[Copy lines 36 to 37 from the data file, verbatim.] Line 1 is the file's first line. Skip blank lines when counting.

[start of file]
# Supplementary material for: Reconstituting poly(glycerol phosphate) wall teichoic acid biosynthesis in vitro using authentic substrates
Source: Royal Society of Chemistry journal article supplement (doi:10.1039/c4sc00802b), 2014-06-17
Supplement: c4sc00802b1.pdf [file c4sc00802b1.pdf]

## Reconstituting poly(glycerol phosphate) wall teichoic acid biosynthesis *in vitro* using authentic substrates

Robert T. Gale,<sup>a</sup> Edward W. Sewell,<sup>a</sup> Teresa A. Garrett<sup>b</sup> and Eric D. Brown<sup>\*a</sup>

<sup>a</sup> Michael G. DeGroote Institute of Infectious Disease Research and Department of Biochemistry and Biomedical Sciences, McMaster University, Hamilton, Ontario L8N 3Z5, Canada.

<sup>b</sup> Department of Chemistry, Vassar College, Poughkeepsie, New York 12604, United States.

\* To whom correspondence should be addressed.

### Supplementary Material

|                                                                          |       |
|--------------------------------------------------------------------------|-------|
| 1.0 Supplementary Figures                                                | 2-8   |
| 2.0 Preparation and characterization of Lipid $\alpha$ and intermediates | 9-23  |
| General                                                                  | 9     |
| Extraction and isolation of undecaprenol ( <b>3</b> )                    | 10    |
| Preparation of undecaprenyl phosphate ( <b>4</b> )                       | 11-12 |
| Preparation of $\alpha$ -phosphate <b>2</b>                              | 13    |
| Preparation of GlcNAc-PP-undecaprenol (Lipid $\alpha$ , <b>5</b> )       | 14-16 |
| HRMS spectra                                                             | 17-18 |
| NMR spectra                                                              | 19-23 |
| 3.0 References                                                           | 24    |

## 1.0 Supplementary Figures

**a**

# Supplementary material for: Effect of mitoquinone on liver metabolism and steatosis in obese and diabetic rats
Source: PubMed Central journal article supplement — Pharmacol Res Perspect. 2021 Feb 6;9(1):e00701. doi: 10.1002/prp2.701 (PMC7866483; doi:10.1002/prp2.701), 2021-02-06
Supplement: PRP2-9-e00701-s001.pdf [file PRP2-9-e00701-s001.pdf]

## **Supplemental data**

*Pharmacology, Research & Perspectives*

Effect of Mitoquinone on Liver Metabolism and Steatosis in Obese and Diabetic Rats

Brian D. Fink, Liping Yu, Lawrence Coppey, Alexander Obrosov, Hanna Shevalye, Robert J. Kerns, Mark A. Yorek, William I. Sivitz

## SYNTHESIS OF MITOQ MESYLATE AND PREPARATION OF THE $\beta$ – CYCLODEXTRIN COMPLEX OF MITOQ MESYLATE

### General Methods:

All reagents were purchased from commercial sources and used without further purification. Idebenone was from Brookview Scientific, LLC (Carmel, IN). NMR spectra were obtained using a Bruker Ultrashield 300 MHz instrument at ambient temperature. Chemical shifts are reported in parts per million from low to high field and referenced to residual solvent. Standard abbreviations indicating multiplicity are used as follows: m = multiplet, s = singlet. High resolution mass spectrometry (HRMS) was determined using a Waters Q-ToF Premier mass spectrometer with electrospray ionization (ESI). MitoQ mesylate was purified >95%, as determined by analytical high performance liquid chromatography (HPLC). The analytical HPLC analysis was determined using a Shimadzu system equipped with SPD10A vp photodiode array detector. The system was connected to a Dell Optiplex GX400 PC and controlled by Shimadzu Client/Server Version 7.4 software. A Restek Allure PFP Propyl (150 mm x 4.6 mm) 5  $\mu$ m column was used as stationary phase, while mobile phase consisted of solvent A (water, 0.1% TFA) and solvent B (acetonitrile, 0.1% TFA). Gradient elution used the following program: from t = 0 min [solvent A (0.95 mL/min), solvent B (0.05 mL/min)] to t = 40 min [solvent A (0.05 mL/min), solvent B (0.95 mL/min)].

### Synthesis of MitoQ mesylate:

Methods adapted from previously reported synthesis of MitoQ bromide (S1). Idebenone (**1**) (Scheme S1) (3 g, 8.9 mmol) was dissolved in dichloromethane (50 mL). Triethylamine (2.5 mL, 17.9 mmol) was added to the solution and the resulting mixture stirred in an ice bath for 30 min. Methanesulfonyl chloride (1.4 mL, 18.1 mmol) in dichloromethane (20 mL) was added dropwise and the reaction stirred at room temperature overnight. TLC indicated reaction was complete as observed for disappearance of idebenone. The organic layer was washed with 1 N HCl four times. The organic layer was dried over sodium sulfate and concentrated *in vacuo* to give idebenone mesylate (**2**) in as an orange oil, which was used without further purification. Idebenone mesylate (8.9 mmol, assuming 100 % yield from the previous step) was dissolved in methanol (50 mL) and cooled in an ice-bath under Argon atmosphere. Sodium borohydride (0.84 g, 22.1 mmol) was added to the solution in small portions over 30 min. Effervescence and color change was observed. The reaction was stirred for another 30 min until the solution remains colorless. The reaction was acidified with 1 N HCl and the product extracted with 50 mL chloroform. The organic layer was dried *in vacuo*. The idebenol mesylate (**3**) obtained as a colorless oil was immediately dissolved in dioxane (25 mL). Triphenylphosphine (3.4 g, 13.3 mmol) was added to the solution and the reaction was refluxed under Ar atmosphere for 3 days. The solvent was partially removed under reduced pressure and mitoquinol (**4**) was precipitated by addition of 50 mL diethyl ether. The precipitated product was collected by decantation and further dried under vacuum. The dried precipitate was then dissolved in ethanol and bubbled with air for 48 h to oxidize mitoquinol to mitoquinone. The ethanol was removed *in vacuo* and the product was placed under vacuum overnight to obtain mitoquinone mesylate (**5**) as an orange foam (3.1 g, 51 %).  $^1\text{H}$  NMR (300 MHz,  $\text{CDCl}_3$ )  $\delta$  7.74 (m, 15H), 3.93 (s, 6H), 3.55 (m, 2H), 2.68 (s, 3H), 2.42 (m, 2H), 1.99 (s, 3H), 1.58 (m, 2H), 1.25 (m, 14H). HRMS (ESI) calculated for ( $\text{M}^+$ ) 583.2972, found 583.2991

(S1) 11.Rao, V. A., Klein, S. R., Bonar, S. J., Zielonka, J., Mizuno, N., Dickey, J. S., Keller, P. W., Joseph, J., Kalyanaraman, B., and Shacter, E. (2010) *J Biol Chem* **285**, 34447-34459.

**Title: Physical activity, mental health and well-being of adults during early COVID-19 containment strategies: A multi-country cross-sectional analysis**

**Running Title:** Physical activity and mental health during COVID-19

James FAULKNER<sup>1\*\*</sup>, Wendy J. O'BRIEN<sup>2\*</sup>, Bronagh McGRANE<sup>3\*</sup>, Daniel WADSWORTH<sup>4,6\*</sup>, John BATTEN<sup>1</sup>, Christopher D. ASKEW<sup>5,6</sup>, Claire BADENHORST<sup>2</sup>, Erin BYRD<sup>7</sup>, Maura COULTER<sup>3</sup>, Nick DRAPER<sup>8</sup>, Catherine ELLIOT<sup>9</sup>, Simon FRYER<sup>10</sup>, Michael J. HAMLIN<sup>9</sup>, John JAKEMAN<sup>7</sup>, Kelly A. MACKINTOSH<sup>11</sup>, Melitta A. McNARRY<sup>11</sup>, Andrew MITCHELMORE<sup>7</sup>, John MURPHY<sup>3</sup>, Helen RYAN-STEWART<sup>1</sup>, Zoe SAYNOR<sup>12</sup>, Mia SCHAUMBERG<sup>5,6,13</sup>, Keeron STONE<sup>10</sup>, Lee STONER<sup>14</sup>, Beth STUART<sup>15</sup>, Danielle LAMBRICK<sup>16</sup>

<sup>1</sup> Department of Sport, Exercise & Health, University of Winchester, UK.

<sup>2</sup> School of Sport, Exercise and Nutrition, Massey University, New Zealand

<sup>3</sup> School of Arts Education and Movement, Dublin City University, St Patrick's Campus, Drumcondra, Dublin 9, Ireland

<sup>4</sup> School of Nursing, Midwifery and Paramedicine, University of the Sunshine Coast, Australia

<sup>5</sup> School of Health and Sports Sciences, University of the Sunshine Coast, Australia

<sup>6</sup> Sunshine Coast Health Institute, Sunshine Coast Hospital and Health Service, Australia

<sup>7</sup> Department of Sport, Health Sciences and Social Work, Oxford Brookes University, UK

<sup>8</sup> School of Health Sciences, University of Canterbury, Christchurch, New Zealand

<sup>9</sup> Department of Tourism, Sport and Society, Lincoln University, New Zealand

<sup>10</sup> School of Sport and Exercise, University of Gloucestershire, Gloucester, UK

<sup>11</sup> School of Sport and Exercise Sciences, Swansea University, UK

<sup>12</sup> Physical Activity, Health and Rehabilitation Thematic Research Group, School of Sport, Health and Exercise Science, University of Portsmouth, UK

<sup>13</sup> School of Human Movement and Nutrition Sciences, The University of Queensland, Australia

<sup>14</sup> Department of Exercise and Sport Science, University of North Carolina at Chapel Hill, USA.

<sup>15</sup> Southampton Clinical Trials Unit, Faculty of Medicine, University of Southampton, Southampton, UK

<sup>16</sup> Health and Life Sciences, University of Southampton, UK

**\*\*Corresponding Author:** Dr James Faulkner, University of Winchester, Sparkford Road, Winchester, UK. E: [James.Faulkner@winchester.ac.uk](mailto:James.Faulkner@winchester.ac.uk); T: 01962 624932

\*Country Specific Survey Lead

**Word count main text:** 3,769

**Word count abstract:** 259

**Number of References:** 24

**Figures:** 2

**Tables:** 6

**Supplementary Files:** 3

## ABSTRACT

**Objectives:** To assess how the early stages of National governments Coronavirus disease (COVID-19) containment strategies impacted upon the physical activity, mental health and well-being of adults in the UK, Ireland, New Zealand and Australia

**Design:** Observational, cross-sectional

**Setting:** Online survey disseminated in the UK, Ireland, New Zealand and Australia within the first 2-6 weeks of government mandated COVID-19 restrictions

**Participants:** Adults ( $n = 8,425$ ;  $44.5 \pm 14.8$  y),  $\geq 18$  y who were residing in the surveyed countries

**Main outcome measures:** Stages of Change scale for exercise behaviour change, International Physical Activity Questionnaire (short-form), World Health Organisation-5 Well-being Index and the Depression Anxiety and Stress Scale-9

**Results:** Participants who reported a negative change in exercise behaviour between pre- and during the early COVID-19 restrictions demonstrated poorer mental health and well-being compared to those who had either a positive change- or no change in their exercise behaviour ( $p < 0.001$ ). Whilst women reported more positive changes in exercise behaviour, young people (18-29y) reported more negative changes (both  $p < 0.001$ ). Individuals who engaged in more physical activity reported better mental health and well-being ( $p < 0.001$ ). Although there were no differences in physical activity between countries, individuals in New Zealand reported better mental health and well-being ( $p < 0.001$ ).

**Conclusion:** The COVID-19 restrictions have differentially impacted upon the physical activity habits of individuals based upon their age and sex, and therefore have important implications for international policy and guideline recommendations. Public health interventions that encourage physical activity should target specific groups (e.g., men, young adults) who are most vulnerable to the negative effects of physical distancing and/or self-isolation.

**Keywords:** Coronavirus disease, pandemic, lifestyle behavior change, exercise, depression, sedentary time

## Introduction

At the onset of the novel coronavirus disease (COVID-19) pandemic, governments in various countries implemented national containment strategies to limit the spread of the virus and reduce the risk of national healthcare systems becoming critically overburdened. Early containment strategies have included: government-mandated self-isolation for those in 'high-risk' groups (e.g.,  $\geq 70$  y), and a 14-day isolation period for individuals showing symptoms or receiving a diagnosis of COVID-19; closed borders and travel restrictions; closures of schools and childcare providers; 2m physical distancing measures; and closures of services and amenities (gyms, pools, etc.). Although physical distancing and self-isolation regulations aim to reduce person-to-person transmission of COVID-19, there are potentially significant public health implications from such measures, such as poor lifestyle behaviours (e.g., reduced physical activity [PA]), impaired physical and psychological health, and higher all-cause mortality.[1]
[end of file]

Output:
(S1) 11.Rao, V. A., Klein, S. R., Bonar, S. J., Zielonka, J., Mizuno, N., Dickey, J. S., Keller, P. W., Joseph, J., Kalyanaraman, B., and Shacter, E. (2010) *J Biol Chem* **285**, 34447-34459.

**Title: Physical activity, mental health and well-being of adults during early COVID-19 containment strategies: A multi-country cross-sectional analysis**